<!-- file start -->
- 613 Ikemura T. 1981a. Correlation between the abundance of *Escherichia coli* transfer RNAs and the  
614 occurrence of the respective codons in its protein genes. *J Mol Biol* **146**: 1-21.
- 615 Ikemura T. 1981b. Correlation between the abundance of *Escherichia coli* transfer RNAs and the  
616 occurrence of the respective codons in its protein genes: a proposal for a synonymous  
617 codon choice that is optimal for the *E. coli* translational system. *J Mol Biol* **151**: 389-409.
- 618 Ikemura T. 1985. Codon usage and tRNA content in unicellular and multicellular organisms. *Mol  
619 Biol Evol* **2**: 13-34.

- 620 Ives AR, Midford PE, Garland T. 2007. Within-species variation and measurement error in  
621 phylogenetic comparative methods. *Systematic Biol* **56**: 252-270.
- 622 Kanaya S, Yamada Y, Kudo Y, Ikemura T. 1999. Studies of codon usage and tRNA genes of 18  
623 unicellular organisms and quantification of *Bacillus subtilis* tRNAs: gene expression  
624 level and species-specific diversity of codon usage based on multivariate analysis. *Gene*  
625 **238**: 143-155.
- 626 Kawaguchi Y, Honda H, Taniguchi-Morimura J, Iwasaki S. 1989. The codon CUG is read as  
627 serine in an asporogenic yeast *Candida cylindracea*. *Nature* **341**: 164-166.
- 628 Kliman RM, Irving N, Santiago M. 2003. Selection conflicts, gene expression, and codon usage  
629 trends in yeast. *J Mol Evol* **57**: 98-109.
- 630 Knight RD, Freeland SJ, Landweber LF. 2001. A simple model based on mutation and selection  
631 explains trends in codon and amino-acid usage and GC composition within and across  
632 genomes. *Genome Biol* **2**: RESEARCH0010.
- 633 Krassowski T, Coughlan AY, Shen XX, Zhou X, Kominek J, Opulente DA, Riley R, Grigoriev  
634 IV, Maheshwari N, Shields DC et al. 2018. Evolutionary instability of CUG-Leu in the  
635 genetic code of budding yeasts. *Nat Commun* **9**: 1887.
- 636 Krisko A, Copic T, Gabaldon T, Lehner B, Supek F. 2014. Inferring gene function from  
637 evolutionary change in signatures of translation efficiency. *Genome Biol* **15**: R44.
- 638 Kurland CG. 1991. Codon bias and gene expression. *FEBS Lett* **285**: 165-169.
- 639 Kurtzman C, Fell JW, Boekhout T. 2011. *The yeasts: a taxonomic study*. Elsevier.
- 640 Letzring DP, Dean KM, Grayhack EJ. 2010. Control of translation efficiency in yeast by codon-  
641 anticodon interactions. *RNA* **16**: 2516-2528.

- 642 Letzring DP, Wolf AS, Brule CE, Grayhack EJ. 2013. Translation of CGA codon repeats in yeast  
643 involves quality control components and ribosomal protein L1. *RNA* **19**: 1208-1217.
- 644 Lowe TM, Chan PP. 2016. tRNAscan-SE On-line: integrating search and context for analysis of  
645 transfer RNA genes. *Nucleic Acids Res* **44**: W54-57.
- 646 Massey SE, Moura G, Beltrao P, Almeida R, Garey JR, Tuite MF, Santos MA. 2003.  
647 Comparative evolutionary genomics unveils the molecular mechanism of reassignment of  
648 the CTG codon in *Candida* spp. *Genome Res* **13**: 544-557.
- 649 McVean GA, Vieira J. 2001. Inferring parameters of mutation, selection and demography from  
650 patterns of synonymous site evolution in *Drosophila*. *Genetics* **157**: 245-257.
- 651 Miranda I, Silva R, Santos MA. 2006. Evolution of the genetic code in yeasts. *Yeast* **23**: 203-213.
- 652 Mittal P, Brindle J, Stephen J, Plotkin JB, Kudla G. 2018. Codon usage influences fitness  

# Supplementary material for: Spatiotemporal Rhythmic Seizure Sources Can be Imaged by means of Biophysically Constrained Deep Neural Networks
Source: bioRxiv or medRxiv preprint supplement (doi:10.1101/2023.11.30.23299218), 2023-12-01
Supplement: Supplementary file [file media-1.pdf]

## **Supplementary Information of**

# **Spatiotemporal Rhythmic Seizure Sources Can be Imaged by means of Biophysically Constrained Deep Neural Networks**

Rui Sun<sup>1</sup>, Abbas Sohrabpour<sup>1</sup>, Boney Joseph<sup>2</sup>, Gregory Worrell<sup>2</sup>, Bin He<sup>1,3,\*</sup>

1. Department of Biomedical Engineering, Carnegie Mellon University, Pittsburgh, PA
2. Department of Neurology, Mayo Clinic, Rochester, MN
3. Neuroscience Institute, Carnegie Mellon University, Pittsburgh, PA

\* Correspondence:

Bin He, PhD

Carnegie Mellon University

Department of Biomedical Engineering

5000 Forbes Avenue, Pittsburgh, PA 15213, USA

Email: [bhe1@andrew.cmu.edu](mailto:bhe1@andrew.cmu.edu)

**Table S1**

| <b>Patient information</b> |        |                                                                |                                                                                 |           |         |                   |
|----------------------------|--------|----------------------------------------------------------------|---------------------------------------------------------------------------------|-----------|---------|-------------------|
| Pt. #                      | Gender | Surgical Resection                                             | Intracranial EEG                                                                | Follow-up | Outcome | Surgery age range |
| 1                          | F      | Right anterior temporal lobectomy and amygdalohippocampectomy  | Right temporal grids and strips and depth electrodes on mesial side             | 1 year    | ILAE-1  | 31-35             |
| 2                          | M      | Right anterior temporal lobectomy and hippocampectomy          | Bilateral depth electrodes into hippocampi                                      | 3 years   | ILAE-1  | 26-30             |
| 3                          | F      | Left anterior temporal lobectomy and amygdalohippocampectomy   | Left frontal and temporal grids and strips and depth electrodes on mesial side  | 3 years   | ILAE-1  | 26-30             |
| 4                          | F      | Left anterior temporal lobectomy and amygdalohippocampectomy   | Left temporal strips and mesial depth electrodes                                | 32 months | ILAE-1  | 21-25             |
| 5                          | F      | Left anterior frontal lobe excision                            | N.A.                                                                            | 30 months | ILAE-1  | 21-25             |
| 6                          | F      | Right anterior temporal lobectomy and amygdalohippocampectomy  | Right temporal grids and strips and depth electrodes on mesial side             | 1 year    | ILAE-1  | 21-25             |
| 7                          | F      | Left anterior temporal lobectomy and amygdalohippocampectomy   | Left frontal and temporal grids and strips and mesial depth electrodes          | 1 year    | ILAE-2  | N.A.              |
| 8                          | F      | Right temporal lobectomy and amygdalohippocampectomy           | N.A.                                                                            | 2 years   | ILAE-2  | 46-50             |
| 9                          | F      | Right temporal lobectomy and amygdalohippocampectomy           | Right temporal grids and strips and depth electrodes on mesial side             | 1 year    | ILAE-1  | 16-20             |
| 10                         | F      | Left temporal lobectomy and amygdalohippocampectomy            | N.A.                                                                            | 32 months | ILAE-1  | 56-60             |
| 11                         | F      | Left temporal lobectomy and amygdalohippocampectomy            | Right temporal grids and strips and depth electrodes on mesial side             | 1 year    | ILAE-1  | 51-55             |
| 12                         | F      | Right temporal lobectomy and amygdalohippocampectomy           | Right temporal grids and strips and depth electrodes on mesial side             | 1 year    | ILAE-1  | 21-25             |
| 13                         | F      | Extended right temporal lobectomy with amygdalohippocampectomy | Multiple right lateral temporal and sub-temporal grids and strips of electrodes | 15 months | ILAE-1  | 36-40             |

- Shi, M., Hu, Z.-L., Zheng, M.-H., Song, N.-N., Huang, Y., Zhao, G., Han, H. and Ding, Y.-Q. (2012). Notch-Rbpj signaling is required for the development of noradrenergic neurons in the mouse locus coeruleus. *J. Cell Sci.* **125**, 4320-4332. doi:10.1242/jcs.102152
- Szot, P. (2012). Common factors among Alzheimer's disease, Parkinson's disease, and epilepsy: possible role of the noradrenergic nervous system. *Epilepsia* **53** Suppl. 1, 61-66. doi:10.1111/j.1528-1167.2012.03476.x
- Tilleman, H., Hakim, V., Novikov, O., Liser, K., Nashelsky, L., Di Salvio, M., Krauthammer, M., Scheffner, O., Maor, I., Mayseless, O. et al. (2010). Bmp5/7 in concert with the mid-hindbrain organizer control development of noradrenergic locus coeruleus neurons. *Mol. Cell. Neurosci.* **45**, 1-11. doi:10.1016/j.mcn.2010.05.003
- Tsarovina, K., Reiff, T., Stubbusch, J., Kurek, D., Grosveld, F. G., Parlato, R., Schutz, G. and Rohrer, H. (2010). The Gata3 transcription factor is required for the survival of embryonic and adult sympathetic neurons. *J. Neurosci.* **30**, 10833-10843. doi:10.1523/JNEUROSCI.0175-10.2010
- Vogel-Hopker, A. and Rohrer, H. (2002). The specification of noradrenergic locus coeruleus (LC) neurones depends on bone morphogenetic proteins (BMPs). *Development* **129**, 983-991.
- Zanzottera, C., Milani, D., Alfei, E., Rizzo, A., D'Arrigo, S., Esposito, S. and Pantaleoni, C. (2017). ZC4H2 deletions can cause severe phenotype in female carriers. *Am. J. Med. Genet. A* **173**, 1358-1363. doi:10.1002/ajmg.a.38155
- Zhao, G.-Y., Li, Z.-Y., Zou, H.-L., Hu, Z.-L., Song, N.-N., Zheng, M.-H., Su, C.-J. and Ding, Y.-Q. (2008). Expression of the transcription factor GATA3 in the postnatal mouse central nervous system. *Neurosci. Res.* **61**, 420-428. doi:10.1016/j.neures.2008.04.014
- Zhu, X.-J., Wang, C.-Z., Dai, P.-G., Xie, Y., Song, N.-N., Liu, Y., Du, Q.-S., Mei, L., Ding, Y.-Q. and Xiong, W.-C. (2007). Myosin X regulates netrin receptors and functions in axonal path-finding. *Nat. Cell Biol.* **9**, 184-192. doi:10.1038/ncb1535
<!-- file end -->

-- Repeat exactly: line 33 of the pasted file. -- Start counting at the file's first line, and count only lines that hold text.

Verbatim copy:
645 transfer RNA genes. *Nucleic Acids Res* **44**: W54-57.